As Jack put it, ‘I should be chief since I’m a chapter chorister and head boy,’ and this was expressed with plain arrogance. “I can sing in the key of C sharp.” (Golding p. 22.) After losing the election to Ralph, he was promoted to the position of head of the hunter’s organization. Here, he took advantage of the little authority bestowed upon him over a small group of youngsters once known as the “choir.”

What does Jack think the beast is?

While the lads are discussing their fears and debating whether or not the beast exists, Jack says that the beast does not exist since he has toured the island and has never seen or heard of it. Contrary to popular belief, it is Jack’s natural need for hunting, his desire to go through the forest in quest of food, that will bring out the beast inside him.

How does Jack manipulate Ralph in Chapter 7?

The manipulation of Ralph into acting rashly and unwisely, in opposition to his natural predisposition toward levelheadedness, strengthens Jack’s leverage inside the group. As a result, Ralph’s standing in the group suffers as a result.

How does Jack use the beast?

Jack used the beast to exert power over the others just by having them eay it out. Once everyone has finished eating, he knows he will have secured another another triumph in the process. If the others have eaten the pig, they can’t hold it against him for letting the signal fire to burn out; in fact, their consumption of the pig is interpreted as a sign of acceptance for his conduct.

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How does Jack keep the beast happy?

What exactly is it? Jack proposes that, in order to keep the beast pleased, they should remain off the mountain and make a sacrifice of the sow’s head impaled on a pole, as well as her intestines, to the beast.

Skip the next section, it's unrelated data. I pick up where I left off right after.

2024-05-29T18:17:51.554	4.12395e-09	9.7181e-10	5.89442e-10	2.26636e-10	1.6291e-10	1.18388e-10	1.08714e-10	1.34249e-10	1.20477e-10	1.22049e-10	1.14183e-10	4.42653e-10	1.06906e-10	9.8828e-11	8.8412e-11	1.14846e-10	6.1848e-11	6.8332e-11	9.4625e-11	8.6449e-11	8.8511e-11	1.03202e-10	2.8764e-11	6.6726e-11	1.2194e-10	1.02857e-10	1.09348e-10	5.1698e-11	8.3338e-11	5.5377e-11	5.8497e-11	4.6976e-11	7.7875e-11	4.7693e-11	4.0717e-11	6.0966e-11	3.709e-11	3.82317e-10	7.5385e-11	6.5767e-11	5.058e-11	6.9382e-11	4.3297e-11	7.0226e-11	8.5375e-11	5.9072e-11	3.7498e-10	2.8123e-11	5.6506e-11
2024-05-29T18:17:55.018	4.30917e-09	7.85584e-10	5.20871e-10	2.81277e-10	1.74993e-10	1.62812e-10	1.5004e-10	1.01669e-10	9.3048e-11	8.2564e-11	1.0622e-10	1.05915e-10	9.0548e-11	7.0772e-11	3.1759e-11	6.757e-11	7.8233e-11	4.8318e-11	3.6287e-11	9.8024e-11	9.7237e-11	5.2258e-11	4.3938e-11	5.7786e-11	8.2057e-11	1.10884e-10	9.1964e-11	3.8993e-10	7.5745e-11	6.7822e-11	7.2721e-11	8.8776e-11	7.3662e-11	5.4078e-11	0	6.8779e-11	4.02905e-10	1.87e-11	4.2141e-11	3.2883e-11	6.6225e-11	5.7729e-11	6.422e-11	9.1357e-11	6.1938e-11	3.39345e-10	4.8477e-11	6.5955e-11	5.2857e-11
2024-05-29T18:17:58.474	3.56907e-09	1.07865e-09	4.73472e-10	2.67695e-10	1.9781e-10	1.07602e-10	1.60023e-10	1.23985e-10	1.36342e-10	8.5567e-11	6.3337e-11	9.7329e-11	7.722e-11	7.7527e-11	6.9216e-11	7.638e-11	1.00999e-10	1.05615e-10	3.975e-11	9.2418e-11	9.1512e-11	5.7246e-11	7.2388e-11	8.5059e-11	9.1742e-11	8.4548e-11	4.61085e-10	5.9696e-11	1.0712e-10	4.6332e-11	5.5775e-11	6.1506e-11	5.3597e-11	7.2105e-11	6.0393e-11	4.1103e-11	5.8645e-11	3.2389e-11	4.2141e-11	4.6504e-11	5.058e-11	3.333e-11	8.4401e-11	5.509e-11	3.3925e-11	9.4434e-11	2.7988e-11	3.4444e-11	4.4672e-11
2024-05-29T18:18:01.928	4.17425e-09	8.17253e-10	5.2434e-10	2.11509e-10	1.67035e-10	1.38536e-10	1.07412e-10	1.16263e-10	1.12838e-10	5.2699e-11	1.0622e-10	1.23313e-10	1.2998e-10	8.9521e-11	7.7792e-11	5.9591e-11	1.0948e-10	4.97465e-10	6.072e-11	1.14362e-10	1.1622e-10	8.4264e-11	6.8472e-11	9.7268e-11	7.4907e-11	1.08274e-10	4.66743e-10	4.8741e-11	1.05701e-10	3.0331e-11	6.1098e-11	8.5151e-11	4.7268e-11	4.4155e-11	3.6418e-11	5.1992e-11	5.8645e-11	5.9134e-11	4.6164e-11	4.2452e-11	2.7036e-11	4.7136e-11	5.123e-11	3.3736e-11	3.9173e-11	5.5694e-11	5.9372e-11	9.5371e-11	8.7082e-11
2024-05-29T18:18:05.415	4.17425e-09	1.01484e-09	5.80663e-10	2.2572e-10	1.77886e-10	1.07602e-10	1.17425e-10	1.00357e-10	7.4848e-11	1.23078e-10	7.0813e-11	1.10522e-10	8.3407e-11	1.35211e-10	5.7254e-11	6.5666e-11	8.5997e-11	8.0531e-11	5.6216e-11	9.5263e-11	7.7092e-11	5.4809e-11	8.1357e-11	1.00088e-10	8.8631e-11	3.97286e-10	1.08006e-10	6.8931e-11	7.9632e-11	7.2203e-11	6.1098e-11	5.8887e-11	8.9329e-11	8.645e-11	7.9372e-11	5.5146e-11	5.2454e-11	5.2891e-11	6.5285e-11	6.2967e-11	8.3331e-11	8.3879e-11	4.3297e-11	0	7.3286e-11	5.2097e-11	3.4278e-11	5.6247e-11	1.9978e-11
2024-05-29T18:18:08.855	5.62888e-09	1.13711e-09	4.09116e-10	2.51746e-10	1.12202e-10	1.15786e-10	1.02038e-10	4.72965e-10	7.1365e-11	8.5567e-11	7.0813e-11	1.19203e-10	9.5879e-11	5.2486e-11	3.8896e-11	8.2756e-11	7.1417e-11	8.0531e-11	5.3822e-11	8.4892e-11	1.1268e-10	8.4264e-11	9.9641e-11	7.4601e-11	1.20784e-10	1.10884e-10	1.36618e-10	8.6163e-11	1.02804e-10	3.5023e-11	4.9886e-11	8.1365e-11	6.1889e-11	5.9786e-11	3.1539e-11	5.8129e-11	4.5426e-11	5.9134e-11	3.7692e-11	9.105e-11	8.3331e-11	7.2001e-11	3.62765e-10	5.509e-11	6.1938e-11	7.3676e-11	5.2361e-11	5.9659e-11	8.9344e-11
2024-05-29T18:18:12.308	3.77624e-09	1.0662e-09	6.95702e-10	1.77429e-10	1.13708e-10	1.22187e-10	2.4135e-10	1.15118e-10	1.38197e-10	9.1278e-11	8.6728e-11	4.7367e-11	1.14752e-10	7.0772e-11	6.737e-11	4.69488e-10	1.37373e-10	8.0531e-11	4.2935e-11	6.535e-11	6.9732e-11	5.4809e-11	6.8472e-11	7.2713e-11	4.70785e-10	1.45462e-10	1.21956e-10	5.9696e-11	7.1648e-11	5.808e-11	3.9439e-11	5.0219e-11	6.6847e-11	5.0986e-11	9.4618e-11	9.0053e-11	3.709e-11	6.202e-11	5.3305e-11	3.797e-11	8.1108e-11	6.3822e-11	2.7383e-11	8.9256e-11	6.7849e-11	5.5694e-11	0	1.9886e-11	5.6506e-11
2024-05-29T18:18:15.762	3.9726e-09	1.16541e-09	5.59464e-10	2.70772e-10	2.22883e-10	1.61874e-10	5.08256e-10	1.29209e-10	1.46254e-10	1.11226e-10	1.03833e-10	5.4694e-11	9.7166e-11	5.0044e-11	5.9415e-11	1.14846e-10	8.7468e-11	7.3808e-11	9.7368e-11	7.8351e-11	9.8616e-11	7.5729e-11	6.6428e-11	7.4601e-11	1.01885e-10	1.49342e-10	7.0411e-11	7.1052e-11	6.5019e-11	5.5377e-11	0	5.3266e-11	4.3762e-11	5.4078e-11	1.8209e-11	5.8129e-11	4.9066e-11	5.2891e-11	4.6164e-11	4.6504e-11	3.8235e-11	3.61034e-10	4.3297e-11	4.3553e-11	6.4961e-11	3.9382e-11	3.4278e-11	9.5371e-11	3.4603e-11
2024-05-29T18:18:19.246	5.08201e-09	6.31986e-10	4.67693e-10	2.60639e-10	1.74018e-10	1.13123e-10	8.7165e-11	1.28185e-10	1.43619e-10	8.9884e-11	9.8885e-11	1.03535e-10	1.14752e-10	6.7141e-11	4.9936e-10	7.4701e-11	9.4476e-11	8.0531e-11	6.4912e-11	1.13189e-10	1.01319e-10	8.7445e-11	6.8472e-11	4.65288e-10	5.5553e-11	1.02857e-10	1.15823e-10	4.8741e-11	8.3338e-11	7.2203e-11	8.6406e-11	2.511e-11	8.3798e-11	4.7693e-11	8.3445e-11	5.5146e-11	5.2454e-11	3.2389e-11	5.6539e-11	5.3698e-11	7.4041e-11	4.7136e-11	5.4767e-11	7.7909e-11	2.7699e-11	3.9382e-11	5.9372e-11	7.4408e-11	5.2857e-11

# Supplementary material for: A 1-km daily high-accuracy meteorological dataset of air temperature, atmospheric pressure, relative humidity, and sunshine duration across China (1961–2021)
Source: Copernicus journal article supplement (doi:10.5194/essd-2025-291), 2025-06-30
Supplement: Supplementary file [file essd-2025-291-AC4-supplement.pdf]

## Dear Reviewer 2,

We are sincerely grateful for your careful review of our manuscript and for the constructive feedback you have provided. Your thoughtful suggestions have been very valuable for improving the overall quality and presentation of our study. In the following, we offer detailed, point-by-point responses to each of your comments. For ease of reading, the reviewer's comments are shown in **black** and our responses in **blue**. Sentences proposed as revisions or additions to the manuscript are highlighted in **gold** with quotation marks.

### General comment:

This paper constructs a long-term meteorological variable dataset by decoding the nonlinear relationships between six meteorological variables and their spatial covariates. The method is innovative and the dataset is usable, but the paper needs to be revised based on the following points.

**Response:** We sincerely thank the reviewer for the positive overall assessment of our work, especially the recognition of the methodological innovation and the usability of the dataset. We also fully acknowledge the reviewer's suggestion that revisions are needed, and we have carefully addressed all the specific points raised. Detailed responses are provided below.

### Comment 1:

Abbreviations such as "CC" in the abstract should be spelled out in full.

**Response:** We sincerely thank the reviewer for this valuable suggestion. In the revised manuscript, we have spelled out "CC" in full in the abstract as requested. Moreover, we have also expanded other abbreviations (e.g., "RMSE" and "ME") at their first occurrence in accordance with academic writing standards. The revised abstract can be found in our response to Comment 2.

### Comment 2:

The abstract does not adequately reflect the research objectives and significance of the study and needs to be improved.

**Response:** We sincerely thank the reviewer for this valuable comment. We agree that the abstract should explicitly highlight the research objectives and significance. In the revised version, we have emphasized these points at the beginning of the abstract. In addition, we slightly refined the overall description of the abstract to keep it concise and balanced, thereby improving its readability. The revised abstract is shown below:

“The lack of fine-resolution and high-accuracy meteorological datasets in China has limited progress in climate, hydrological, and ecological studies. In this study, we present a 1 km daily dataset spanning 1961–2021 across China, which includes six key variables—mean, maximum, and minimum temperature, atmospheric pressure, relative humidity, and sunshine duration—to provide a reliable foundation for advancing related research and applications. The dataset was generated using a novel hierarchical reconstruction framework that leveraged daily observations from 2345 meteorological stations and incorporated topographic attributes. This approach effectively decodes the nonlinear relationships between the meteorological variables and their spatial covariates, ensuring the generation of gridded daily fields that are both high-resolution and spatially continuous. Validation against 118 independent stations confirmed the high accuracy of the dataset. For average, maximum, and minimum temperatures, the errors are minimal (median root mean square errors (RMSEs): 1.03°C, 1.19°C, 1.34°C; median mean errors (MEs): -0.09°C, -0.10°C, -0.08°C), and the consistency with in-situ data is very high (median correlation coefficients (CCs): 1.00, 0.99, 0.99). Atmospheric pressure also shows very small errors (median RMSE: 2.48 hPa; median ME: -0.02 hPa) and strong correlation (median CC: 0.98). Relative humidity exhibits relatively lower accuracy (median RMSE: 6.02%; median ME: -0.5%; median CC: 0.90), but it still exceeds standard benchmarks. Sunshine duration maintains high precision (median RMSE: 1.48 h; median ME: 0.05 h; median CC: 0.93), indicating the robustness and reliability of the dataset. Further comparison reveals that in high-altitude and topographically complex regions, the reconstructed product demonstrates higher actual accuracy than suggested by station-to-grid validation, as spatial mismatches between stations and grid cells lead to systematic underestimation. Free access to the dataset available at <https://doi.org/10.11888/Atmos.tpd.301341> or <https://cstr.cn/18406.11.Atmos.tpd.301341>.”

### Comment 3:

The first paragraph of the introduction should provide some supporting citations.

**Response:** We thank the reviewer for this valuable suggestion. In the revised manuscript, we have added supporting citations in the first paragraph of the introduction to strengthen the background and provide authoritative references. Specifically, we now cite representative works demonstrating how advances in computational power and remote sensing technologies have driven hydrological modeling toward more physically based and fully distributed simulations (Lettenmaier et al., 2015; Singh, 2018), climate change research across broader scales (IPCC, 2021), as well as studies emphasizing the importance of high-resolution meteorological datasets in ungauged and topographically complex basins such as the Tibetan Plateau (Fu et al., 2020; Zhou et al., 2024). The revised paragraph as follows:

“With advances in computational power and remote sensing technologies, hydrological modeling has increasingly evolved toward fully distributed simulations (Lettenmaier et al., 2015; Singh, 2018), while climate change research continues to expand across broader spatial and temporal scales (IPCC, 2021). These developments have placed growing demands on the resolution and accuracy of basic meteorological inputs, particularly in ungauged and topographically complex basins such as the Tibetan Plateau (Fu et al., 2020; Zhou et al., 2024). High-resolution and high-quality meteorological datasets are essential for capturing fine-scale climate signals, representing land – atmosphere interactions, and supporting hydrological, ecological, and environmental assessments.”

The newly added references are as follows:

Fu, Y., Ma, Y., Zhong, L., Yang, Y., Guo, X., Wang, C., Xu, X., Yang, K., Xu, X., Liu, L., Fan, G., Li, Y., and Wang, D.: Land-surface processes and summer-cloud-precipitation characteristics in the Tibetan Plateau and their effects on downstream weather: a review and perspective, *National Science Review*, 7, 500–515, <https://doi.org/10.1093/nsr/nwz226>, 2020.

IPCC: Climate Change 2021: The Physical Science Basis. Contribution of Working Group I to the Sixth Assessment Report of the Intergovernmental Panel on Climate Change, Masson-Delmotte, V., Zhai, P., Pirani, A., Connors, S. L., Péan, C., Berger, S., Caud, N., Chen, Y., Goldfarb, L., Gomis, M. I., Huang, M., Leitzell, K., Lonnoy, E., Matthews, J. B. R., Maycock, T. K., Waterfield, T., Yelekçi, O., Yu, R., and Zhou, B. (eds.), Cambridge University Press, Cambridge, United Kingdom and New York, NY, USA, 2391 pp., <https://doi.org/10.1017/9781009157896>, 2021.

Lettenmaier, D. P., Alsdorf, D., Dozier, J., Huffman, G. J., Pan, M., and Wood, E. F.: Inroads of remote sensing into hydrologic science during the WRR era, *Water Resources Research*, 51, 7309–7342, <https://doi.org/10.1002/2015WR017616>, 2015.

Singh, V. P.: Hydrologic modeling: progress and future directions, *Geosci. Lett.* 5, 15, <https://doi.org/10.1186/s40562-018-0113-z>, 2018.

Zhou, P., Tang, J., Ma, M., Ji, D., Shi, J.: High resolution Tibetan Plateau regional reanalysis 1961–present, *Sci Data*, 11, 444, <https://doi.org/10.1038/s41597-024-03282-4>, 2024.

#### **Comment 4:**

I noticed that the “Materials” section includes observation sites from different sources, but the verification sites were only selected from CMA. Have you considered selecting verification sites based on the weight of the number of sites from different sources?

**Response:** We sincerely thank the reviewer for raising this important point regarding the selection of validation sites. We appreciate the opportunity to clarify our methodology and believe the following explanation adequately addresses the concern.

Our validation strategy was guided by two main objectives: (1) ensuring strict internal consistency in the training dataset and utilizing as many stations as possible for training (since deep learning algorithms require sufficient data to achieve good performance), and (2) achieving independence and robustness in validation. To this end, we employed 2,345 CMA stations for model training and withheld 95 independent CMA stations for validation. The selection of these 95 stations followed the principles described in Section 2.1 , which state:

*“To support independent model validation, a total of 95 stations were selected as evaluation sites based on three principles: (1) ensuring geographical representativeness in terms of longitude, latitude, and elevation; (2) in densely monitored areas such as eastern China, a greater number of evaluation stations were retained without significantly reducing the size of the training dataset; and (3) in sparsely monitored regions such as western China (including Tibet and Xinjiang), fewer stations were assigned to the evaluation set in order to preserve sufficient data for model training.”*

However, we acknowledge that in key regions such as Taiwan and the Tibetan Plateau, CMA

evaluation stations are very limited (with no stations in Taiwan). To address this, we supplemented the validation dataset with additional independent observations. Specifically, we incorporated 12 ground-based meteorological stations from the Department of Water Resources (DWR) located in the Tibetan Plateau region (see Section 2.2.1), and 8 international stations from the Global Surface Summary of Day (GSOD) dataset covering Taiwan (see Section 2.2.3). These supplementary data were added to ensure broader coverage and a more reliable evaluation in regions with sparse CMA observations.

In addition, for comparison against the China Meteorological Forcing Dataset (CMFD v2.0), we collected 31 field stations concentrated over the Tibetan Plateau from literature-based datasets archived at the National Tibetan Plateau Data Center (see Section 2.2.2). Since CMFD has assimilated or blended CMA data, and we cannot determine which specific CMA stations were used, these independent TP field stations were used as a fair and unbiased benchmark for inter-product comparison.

How does Jack view and explain fear?

Jack’s fear of losing power results in his manipulative nature, Ralph’s fear of the unknown results in his downfall, and Piggy’s fear of death results in the devastation of society, all of which are supported by William Golding’s hints that fear is the most dangerous and destructive force on the island.

What is the theme of Chapter 8 in Lord of the Flies?

Summary of the lesson According to William Golding’s Lord of the Flies, the confrontation between Jack and Ralph intensifies in Chapter 8, as a result of Ralph’s expressed uncertainty that even Jack and his hunters would be able to defeat the beast. Jack storms out of the gathering, dragging a few of the other lads with him as he does so. He and his friends go pig hunting and violently slaughter a pig.

Does Jack intend to hunt the beast?

Is Jack planning to go on a quest for the beast? No.

What does Jack tell the hunters about the beast What are they going to do about it from now on?

It is their belief that the beast is still alive and that it may be found in the manner Jack describes, and he instructs the hunters to always leave the head on the beast. Moreover, he claims that the beast disguises himself, meaning that this is what happened to Simon in the first place. He stops them from getting any closer to the mountain, therefore removing the possibility of an obvious rescue fire.